Financial Assistance for Vet Care
Local Dog Parks
Pet Friendly Accommodations
How to Build a Dog Park in Your Community
Animal Behavior Advice
Spay/Neuter Myths and Facts
Frequently Asked Questions
Staff Columns in Local Newspapers
San Mateo County Animal Laws
Poisonous Foods & Plants List
How to Build a Dog Park in Your Community
How can you build a dog park in your community? Here are some
proven strategies for a successful campaign:
- Start with a core group of committed dog park activists.
Talk with a half dozen other guardians who areconcerned about the lack
of off-leash spaces. These may be people you already know -- or put a
notice in the local paper.
- Hold a public meeting. Once the core group is in accord,
a larger community meeting will help you get the word out to
supporters and solicit input and suggestions. Encourage people to
write letters in support of a dog park to public officials and the
media and to make presentations to community groups whose backing
would be valuable.
- Educate your fellow dog owners on the need to be
responsible. The guardian who neglects to pick up after his dog, or
who allows an aggressive or unsocialized dog to run loose can do a lot
of damage to your cause and ultimate chances of success. In Half Moon
Bay the Coastside Doggie Club has a two-fold mission: establishing an
off-leash dog exercise area and promoting responsible canine
- Write a clear mission statement that details the need and
purpose of the park, stressing the benefits to dog owners, their
canine companions and the greater community. The Redwood City
Responsible Dog Owners' statement says it all: "To establish a fenced
in, off-leash dog park where well-behaved canine citizens can exercise
in a clean, safe environment without endangering or annoying people,
property or wildlife. To develop a beautiful, well-maintained space
open to all dog lovers and friends who are willing to uphold the
park's rules and restrictions. To view this park as a community
project, in partnership with the City of Redwood City, designed to
satisfy the needs of dog-owners and non-dog owners alike."
- Demonstrate need. Gather statistics on the dogs and their
people in your community. How many dogs would use a dog park? What are
the demographics of the people in your city? Who currently uses city
parks -- and who doesn't? Downplay the "dog factor" and emphasizing
people issues. Dogs don't pay taxes or vote.
- Demonstrate support. In both Belmont and Redwood Shores,
activists found that a simply worded request, circulated on a
petition, helped convince city officials that there was indeed both a
need and widespread public support for a responsibly run dog
park. Place petition gatherers at supermarkets, pet supply stores and
other high-traffic areas. Enlist the support of local veterinarians,
groomers, dog walkers and others who have a real interest in having a
community filled with healthy, well-socialized dogs. Involve them in
gathering petitions, writing letters to the editor of local papers and
generally spreading the word.
- Create a budget. Determine how much it will cost to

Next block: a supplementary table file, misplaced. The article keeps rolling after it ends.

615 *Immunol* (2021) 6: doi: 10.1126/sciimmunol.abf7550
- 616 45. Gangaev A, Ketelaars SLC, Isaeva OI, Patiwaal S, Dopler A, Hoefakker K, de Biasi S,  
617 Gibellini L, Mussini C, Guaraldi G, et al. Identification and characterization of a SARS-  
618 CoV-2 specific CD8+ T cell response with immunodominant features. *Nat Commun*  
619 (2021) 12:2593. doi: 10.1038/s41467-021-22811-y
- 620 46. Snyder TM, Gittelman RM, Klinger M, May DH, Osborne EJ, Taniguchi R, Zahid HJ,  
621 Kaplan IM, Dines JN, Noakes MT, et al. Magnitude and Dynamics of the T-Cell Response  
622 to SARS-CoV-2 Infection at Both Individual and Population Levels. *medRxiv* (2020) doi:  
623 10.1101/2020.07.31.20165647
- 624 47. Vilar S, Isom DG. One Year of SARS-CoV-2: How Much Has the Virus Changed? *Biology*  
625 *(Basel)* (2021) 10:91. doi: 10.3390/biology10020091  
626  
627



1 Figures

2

construct and maintain the park-- costs for grass, fences, garbage
removal, lawn maintenance, drinking water, field drainage, lighting,
benches and a sationary pooper scooper station. Some cities are
willing and able to finance a dog park; others would rather share the
cost with a group committed to maintaining the park and ensuring that
- Solicit the input and seek the approval of significant
organizations in your community. Talk with the proposed park's
neighbors before talking to city hall. "As soon as someone puts up a
serious red flag, pay attention to it," advises Terry
Anderlini. "Don't ignore or fight it; try to come up with a
solution. If it really is impossible to resolve, at least you'll know
what you are up against."
- Be prepared to address a range of concerns, including the
risk for dog fights, dog bites, noise level, parking and traffic
needs, liability issues and maintenance. Explain why some of these are
nonissues and have a plan to address those, like traffic and noise,
that are legitimate.
- PHS/SPCA can help your efforts by writing a letter of support. If you are part of a group looking to create a new dog park in San Mateo County, and would like such a letter, please contact Scott Delucchi at 650/685-8510 or delucchi@PHS-SPCA.org. If you are outside of San Mateo County, you may want to contact your local humane organization for their support.
- Get to know local officials -- your city council members
and the director of your department of parks and recreation. Attend
meetings, join them at fundraisers. Find out what they need from you
to move the dog park forward.
- When you're ready, request a hearing with city government
to discuss your proposal. Have two or three carefully selected,
knowledgeable and articulate members of your group present your plan,
clearly expressing its many benefits to the community and calmly
addressing any concerns.
- Be patient. Dealing with city government is rarely a
quick deal. While you may find yourself running with Fido in the dog
park of both your dreams within a year, it could just as easily take
Additional resources & publications:
- Redwood City Responsible Dog Owners.
- Committee for a Coastside Dog Park (CCDP). P.O. Box 382, Half Moon Bay, CA 94019.
www.coastdogs.org or email@example.com
- So You Want to Build a Dog Park? A Comprehensive Guide for Municipalities
and Private Entities. From Susyn Stecchi, DogParksUSA, www.dogparksusa.org
- Planning Parks for Pets. $17.50 from the National
Recreation and Park Association Office, 22377 Belmont Ridge Road,
Ashburn, VA 20148-1290; 703-858-2190.